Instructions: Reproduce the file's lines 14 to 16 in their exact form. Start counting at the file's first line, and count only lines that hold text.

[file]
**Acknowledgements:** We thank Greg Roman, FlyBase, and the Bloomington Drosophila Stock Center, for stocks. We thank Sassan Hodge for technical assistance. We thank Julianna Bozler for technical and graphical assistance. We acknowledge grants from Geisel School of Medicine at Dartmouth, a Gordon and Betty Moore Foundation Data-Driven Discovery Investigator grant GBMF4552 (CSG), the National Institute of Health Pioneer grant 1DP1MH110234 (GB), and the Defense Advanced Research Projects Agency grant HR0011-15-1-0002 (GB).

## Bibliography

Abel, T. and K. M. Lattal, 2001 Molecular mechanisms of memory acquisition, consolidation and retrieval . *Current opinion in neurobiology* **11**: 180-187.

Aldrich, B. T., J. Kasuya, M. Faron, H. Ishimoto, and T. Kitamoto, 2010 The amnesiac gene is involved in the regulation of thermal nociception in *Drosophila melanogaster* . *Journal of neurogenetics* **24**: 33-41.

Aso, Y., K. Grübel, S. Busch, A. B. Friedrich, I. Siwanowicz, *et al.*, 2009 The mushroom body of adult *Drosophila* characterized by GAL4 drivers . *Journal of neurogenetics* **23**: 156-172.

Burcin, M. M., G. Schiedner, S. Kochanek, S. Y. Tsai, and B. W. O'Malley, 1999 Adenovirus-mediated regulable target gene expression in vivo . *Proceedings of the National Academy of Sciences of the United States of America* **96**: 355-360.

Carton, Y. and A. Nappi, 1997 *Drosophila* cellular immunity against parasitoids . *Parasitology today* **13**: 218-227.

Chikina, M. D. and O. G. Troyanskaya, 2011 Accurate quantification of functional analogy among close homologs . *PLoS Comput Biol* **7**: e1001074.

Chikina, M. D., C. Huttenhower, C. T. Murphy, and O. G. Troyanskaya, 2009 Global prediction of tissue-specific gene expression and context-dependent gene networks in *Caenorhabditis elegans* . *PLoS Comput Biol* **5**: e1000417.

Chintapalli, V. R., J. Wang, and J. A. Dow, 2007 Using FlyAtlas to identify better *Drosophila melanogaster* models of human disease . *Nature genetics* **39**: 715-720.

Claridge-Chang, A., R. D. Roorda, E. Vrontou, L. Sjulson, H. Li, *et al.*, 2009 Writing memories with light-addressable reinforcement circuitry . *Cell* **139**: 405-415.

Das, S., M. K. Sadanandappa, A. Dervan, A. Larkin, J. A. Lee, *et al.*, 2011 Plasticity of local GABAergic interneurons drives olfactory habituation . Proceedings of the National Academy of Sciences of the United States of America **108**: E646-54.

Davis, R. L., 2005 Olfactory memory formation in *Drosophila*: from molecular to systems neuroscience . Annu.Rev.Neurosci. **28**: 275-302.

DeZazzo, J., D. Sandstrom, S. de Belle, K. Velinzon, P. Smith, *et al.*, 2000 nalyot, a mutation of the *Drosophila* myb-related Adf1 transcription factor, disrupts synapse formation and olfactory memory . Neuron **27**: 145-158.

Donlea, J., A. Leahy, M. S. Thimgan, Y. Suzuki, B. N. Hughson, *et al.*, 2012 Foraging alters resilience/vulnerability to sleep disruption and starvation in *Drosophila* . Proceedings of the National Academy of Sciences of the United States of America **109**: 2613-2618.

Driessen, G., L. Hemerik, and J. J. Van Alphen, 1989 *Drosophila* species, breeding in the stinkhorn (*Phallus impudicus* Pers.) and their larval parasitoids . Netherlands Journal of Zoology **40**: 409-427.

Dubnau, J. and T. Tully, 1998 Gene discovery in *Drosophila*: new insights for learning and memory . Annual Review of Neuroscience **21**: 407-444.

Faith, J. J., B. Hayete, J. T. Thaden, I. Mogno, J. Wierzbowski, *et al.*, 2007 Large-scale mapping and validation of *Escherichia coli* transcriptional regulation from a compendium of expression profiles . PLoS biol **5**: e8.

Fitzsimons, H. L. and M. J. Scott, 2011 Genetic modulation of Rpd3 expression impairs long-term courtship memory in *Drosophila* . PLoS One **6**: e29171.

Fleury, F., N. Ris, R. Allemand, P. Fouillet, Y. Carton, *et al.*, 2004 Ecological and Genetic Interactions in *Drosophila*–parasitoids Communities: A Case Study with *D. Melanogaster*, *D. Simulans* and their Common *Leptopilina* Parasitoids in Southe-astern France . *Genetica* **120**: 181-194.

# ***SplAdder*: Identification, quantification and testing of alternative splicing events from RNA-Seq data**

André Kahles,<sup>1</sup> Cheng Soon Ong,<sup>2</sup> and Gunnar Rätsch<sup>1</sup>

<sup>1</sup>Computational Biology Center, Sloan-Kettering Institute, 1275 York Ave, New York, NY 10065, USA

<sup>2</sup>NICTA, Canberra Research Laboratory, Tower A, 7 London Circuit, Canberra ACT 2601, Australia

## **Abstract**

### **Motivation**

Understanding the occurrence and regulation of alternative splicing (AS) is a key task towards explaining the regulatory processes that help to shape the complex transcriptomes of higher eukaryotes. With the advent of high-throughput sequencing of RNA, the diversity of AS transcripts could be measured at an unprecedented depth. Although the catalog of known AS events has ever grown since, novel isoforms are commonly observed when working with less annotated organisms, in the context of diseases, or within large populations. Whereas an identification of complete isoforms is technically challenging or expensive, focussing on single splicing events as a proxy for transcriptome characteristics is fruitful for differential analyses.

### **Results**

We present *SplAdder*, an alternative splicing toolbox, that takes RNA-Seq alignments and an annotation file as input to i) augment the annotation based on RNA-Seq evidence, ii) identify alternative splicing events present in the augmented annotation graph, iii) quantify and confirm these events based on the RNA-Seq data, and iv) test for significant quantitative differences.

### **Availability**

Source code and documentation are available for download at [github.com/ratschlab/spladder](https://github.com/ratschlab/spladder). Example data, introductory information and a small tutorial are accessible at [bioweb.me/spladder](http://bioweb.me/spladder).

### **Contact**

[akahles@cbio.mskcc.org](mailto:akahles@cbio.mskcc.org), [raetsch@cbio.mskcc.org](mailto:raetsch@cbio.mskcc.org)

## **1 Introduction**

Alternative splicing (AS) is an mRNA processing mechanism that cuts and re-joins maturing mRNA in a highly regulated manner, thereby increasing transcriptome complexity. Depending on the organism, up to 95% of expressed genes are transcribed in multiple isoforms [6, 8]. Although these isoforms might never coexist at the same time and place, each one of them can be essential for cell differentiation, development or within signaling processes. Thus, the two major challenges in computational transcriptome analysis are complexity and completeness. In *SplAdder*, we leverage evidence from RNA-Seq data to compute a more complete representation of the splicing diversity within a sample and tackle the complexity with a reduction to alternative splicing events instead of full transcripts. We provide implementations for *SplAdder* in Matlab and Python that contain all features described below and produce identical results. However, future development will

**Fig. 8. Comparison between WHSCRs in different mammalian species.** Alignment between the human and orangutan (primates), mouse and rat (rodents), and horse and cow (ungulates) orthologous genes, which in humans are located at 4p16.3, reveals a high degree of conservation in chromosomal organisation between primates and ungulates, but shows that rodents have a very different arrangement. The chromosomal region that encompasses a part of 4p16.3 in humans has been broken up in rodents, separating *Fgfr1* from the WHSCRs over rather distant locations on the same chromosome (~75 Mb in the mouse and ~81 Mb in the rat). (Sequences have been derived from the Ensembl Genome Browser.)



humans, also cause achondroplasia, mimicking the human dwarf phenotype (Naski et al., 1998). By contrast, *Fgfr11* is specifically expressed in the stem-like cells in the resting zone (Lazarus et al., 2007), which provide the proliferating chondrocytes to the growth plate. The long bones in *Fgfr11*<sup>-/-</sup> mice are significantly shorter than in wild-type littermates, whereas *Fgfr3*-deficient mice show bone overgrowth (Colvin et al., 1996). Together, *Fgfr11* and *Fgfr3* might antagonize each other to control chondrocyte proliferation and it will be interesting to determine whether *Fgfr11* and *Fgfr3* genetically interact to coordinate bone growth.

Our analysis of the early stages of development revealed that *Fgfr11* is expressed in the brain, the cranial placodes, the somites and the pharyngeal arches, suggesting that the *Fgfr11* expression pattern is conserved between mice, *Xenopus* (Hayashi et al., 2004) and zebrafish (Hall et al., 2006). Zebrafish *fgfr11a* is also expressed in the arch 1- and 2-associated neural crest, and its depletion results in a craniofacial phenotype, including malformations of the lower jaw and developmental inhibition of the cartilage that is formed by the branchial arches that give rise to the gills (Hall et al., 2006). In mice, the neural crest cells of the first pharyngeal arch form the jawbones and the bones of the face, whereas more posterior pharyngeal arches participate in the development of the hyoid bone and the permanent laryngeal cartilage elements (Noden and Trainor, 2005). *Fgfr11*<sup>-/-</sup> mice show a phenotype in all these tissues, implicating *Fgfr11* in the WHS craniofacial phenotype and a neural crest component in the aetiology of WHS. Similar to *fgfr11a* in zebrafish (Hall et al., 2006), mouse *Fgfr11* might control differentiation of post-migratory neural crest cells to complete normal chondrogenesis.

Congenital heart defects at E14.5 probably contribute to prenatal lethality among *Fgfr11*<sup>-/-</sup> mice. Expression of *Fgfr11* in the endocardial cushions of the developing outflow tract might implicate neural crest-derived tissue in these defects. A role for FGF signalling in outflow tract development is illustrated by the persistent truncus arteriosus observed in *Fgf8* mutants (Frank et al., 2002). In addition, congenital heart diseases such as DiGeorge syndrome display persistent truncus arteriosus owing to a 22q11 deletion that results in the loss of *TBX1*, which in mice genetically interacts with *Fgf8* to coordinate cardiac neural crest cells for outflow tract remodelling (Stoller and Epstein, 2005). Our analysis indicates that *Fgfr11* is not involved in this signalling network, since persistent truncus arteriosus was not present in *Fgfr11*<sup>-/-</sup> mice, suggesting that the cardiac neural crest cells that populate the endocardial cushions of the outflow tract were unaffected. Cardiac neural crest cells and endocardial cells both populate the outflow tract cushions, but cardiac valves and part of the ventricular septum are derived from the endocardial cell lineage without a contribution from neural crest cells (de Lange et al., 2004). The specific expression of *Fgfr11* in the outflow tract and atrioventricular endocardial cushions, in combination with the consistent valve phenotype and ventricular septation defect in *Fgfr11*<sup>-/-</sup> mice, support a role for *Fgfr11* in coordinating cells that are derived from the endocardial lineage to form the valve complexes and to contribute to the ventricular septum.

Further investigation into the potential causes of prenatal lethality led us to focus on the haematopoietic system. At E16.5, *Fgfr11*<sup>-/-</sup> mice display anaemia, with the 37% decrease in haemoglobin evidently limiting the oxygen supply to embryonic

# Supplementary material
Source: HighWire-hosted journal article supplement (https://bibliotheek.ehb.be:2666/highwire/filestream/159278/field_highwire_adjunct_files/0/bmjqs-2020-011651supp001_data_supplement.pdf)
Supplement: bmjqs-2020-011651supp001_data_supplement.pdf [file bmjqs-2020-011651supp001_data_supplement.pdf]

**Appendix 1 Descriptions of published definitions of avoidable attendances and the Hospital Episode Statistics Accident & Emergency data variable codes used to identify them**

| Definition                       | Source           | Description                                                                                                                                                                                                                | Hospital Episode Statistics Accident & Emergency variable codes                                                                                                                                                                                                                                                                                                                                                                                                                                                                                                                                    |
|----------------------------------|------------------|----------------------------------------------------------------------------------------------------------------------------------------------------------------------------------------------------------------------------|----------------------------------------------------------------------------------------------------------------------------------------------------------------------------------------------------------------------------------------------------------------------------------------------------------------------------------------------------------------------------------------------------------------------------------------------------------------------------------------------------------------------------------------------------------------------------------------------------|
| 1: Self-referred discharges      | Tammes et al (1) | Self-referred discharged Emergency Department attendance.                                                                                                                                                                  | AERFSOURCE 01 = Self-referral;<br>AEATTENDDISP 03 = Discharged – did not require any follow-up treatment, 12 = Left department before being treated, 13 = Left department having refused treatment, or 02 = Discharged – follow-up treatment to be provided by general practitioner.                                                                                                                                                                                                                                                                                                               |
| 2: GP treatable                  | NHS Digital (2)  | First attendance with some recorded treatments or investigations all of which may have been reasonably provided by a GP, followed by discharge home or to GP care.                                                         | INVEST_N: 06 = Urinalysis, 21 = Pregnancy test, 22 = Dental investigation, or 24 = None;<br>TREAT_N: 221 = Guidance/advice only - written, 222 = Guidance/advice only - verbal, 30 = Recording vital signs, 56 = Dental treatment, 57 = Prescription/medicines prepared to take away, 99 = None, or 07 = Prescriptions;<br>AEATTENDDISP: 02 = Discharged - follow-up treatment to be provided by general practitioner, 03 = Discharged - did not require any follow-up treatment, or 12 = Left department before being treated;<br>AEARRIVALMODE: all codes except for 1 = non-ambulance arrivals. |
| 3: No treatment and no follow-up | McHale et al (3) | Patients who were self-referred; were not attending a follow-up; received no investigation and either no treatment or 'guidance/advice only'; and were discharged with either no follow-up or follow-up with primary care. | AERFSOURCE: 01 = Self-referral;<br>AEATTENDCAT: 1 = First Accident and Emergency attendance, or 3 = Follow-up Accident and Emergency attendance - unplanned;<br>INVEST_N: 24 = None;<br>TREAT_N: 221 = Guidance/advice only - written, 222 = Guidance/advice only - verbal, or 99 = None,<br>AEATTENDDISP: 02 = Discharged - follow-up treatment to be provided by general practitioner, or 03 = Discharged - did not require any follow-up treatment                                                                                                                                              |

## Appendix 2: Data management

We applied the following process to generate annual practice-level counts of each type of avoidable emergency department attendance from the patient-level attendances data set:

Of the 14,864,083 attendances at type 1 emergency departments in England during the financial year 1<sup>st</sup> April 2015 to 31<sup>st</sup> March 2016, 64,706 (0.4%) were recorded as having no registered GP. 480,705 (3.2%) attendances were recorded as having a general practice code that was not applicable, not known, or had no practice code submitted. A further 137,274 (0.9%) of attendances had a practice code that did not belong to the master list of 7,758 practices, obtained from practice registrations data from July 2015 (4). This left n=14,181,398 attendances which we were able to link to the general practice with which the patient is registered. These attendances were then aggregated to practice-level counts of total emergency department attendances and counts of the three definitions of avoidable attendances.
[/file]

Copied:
DeZazzo, J., D. Sandstrom, S. de Belle, K. Velinzon, P. Smith, *et al.*, 2000 nalyot, a mutation of the *Drosophila* myb-related Adf1 transcription factor, disrupts synapse formation and olfactory memory . Neuron **27**: 145-158.

Donlea, J., A. Leahy, M. S. Thimgan, Y. Suzuki, B. N. Hughson, *et al.*, 2012 Foraging alters resilience/vulnerability to sleep disruption and starvation in *Drosophila* . Proceedings of the National Academy of Sciences of the United States of America **109**: 2613-2618.

Driessen, G., L. Hemerik, and J. J. Van Alphen, 1989 *Drosophila* species, breeding in the stinkhorn (*Phallus impudicus* Pers.) and their larval parasitoids . Netherlands Journal of Zoology **40**: 409-427.